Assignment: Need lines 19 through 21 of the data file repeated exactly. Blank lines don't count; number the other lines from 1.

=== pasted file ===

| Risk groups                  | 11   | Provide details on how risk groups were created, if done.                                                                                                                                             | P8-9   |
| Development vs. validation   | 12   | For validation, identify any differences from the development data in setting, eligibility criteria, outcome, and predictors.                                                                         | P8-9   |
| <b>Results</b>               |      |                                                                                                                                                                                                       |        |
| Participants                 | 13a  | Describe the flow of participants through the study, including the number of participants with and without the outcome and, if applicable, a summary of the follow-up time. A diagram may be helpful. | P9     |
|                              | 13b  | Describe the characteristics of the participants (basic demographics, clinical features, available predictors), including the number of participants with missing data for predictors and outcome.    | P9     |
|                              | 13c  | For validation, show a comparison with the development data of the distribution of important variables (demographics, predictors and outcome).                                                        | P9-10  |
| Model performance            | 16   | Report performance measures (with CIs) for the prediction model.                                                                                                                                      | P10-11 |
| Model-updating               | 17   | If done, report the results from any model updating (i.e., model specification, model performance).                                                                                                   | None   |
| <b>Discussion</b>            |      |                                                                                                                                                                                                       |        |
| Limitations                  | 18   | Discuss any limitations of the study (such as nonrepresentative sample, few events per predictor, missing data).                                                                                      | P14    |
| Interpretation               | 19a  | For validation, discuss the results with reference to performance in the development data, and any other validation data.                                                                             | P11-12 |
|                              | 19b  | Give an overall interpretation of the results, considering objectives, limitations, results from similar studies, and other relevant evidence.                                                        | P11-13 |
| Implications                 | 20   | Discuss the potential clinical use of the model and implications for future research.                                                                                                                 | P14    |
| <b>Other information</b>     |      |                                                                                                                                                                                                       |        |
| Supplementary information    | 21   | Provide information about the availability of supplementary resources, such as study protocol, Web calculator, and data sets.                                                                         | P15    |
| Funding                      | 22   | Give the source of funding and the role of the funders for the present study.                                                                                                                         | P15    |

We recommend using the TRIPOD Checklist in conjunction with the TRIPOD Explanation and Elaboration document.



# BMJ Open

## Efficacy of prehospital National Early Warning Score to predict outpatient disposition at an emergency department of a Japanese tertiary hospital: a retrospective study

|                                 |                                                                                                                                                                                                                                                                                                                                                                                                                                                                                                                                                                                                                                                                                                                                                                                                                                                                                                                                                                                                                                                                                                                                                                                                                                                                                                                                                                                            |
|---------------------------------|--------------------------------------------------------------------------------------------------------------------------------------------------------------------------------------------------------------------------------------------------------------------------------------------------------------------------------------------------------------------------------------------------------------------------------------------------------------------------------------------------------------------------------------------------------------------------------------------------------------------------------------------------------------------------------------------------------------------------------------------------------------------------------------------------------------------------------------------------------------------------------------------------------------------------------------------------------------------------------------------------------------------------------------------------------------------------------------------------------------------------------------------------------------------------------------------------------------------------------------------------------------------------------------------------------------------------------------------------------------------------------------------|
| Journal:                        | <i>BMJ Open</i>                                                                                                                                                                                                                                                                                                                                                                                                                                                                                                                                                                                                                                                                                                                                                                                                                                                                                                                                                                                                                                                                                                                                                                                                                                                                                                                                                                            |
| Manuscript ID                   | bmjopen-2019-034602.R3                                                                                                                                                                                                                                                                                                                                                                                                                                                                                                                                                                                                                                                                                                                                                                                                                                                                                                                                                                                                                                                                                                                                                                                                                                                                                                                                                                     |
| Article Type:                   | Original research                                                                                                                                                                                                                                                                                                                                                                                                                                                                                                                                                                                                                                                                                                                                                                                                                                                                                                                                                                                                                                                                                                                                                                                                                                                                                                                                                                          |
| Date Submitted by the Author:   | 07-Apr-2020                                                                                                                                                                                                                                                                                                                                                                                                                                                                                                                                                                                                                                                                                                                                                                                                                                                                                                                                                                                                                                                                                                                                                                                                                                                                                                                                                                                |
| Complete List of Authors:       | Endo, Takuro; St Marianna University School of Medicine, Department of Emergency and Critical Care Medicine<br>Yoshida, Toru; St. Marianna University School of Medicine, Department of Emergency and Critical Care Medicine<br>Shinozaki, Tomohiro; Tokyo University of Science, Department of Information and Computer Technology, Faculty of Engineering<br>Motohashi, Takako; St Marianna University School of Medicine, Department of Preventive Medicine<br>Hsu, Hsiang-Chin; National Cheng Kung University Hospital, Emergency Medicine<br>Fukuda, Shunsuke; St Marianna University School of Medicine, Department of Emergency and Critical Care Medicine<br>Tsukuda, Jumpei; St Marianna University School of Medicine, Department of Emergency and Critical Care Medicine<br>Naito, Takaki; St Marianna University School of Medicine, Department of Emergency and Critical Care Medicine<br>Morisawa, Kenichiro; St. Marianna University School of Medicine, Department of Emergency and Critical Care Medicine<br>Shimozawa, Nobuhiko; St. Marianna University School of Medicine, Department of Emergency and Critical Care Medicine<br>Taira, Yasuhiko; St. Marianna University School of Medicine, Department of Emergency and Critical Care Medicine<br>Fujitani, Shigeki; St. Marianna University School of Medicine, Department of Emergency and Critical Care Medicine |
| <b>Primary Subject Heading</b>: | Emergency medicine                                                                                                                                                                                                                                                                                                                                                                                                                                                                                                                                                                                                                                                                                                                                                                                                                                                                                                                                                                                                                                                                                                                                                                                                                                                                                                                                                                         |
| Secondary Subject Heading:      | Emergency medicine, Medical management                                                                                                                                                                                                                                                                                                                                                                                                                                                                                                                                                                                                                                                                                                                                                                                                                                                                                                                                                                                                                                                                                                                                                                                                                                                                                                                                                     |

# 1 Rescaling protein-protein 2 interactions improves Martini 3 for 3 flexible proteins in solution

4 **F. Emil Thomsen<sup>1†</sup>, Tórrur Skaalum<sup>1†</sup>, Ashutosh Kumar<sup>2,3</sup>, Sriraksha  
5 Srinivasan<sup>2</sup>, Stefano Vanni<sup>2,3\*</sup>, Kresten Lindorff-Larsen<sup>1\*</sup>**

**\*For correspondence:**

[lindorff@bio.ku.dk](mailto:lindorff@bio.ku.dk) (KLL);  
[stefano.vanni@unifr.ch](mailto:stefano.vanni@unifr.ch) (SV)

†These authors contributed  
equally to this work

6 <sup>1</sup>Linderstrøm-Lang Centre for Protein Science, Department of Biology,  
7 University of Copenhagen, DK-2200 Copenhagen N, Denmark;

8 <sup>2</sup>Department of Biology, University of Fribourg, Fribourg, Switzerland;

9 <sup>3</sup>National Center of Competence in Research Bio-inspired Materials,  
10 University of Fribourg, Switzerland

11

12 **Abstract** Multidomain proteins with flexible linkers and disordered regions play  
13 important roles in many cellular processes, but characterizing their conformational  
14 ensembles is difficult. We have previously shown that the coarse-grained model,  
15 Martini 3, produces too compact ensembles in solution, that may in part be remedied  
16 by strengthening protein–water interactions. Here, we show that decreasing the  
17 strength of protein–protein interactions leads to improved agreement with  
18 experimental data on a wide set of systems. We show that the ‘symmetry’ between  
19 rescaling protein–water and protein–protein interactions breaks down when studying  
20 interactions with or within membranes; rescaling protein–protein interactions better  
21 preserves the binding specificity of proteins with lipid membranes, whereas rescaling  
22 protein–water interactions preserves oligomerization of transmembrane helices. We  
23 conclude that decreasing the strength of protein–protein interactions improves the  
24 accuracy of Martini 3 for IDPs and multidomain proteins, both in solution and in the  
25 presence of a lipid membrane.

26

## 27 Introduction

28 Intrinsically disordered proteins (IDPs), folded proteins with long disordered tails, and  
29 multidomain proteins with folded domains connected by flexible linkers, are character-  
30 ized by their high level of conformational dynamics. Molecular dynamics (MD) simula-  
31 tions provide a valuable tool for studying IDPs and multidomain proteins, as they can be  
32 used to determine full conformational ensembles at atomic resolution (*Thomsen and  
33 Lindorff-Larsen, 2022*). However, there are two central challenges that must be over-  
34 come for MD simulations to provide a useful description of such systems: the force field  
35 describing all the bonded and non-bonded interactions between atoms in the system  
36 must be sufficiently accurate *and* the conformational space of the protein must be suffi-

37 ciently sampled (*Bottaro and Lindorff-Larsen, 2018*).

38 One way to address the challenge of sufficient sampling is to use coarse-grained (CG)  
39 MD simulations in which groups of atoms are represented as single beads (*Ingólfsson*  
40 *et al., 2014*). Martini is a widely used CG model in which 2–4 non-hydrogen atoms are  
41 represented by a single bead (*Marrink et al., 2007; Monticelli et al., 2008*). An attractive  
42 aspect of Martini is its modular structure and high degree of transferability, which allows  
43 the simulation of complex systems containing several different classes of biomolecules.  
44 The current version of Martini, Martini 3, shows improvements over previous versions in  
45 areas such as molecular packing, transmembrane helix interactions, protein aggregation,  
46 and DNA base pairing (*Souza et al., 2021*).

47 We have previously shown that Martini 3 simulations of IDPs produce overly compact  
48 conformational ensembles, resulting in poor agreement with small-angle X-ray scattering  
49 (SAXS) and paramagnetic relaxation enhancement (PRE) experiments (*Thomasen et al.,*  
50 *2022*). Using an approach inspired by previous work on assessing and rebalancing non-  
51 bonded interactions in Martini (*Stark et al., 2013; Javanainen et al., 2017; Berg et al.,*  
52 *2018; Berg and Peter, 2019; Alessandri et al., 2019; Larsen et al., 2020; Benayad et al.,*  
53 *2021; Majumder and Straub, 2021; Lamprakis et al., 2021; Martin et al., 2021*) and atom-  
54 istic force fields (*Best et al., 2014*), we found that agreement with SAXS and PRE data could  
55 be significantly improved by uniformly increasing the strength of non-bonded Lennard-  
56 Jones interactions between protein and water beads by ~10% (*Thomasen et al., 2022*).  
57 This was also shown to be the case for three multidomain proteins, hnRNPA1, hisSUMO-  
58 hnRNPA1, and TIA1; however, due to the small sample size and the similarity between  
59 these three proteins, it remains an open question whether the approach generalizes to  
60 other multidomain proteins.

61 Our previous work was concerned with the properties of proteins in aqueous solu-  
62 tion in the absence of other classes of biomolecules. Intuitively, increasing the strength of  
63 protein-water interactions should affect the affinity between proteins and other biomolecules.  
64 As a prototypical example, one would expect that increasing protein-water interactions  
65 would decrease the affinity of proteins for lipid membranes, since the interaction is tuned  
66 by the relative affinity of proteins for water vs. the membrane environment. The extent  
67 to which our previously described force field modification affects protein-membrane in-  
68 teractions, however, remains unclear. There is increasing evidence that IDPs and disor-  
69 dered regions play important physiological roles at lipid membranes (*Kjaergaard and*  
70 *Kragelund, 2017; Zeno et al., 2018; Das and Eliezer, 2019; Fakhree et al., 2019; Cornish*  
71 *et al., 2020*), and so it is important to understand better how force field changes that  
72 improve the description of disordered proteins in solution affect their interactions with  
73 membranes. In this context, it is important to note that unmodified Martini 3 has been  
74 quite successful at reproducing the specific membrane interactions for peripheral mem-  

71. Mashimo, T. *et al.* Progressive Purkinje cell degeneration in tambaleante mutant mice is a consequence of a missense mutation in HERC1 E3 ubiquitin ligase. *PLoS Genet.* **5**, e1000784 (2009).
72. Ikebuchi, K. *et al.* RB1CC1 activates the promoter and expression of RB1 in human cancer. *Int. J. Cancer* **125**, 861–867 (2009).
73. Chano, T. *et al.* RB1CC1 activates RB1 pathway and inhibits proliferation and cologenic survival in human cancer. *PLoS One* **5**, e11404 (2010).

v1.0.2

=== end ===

## Efficacy of prehospital National Early Warning Score to predict outpatient disposition at an emergency department of a Japanese tertiary hospital: a retrospective study

|                                 |                                                                                                                                                                                                                                                                                                                                                                                                                                                                                                                                                                                                                                                                                                                                                                                                                                                                                                                                                                                                                                                                                                                                                                                                                                                                                                                                                                                            |
|---------------------------------|--------------------------------------------------------------------------------------------------------------------------------------------------------------------------------------------------------------------------------------------------------------------------------------------------------------------------------------------------------------------------------------------------------------------------------------------------------------------------------------------------------------------------------------------------------------------------------------------------------------------------------------------------------------------------------------------------------------------------------------------------------------------------------------------------------------------------------------------------------------------------------------------------------------------------------------------------------------------------------------------------------------------------------------------------------------------------------------------------------------------------------------------------------------------------------------------------------------------------------------------------------------------------------------------------------------------------------------------------------------------------------------------|